NYC Helicopter Pilot 'Shouldn't Have Flown'Newser — Rob Quinn
Tim McCormack, the helicopter pilot who died in a crash-landing atop a Manhattan high-rise Monday, shouldn't have been in the air at all in that afternoon's cloudy weather conditions, the Federal Aviation Administration says.
An FAA spokeswoman says the 58-year-old was not "instrument rated," meaning he was not legally allowed to fly when visibility under 3 miles would have forced him to rely on the helicopter's instruments and the directions of air traffic controllers to guide him, CNN reports.
At the time of the crash, it was raining and visibility at Central Park was estimated at 1.25 miles. Former NTSB air safety investigator Al Yurman tells NBC that flying in heavy clouds without knowing how to use the instruments could cause "spatial disorientation."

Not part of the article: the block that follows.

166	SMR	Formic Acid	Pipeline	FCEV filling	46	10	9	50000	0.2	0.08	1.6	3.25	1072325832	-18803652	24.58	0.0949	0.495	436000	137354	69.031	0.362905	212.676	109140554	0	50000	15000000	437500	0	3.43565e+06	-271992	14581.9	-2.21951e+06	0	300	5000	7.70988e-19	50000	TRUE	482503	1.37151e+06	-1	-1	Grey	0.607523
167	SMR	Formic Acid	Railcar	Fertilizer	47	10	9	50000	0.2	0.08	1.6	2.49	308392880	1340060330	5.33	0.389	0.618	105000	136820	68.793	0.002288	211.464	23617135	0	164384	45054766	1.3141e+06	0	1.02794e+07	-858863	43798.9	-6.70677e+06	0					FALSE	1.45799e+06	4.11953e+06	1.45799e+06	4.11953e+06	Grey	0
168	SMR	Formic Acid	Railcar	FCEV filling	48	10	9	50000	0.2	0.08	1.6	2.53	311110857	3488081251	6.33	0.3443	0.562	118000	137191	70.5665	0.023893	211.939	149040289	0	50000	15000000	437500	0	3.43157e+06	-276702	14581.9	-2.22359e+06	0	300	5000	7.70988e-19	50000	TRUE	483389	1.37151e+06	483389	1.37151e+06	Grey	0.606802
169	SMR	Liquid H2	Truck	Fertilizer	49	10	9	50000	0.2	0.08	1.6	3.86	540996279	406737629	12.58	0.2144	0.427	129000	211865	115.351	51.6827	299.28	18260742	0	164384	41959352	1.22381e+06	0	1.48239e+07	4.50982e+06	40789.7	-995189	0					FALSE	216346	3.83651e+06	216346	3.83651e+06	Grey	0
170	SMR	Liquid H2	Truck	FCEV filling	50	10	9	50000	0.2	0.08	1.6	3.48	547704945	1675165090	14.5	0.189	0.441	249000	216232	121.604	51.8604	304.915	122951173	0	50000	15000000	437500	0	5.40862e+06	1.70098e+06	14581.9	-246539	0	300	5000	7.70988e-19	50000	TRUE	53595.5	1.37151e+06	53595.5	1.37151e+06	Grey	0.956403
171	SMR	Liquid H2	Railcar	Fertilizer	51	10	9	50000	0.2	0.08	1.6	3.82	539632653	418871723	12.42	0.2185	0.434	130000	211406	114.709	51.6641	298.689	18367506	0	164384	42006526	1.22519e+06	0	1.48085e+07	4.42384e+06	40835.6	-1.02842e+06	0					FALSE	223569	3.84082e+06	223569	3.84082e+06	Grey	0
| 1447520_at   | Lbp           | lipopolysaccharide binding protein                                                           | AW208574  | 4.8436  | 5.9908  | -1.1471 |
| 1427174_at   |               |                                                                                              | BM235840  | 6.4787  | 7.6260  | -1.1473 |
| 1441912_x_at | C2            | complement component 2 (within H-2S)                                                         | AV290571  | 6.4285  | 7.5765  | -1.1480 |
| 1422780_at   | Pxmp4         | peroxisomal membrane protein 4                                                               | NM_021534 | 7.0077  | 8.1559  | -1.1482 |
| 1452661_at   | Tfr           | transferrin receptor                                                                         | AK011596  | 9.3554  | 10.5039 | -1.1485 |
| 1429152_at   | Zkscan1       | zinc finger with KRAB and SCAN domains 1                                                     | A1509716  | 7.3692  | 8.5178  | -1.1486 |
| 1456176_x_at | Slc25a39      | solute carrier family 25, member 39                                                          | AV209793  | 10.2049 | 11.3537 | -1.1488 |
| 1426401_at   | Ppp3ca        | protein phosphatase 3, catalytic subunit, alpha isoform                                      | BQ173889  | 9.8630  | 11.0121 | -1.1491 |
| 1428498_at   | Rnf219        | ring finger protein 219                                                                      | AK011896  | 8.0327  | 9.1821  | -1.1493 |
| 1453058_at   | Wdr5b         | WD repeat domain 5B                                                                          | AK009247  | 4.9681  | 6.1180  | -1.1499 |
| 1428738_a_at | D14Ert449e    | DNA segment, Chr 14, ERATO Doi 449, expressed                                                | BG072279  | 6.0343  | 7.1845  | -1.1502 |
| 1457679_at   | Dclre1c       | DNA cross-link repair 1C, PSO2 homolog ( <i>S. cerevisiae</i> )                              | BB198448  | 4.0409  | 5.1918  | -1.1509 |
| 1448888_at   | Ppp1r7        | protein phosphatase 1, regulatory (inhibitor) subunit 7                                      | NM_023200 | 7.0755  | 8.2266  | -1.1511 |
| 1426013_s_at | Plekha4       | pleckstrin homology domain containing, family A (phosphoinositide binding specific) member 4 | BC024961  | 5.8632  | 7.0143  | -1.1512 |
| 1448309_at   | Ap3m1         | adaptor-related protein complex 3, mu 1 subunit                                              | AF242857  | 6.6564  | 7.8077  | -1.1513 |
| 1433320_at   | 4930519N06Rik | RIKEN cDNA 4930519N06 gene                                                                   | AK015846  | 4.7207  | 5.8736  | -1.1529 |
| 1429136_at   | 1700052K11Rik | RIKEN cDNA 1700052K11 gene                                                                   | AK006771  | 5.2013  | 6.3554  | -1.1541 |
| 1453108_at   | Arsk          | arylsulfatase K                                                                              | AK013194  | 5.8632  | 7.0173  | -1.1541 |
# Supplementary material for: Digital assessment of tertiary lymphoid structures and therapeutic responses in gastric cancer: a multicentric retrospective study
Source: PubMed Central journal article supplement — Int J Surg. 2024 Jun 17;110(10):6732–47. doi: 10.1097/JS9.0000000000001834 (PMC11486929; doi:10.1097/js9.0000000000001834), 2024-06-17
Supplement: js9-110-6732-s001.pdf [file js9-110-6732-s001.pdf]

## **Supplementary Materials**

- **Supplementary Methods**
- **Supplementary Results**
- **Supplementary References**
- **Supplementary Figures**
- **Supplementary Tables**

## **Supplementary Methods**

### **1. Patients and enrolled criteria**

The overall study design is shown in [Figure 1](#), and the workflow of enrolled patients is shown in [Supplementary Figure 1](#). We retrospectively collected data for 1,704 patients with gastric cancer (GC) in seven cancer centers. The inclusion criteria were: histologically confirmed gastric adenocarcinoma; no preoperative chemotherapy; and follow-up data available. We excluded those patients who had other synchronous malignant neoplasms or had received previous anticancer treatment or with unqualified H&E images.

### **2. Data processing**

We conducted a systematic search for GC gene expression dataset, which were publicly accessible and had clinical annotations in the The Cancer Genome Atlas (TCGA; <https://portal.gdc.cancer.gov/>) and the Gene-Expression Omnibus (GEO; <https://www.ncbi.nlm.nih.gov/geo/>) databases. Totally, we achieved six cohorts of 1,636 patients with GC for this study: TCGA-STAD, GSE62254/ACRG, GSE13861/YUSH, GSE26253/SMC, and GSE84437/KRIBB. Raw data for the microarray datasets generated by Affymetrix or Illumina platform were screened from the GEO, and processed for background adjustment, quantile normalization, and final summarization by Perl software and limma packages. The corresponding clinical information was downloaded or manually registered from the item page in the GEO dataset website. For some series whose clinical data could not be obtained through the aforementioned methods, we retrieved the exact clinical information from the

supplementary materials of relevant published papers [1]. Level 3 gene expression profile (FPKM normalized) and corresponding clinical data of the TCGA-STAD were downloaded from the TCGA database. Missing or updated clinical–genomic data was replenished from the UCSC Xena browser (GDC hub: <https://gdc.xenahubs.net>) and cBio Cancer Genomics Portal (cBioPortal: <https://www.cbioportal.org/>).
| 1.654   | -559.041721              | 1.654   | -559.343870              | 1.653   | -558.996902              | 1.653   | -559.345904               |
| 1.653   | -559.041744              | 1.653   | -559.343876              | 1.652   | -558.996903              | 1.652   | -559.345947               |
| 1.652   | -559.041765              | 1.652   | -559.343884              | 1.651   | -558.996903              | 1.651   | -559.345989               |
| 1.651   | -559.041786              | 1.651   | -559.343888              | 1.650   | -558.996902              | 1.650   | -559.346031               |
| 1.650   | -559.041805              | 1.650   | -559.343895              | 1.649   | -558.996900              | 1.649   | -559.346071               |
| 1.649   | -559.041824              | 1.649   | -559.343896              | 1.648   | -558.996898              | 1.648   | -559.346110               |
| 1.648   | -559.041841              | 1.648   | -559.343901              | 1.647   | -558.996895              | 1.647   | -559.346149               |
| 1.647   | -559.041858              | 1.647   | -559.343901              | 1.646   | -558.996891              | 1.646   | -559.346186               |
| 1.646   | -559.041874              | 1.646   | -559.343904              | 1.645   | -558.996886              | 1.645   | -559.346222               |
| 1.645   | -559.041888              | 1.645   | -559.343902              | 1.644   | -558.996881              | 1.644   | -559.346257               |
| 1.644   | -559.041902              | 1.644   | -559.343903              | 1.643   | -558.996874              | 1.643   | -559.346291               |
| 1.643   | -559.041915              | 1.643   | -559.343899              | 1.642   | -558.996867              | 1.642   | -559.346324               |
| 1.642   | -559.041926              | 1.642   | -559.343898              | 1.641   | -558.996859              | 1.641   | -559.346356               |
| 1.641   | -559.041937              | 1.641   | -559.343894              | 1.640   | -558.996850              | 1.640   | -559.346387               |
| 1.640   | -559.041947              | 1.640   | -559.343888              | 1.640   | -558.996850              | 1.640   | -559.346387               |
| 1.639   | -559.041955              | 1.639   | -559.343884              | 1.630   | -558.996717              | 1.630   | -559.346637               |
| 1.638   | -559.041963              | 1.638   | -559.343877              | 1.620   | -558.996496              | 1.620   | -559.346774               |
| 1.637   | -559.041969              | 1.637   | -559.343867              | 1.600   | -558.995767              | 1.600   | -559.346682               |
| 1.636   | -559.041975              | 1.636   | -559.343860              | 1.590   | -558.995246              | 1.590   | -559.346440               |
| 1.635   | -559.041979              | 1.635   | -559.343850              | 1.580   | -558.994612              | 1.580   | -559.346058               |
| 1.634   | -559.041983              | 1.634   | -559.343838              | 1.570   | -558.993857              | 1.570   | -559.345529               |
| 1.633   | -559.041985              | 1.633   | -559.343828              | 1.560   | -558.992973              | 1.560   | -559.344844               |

"It’s like putting a blindfold on," Yurman says.
"Turn yourself around three times and see if you know where you are." CNN aviation analyst Mary Schiavo says an instrument rating requires around 100 hours of additional training.
A source tells the AP that McCormack, who took off from the East 34th Street Heliport 11 minutes before the crash, radioed that he was lost and trying to get back to the heliport.
McCormack slammed into the AXA Equitable building, which is in the restricted area within a mile radius of Trump Tower. Officials say McCormack did not have permission to be in the area and was not in contact with air traffic control at LaGuardia Airport.
NTSB investigator Doug Brazy says McCormack was supposed to be flying south, toward the airport in Linden, NJ, where he was based. (The pilot's brother says he was a hero who saved "countless lives.")
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This article originally appeared on Newser: NYC Helicopter Pilot 'Shouldn't Have Flown'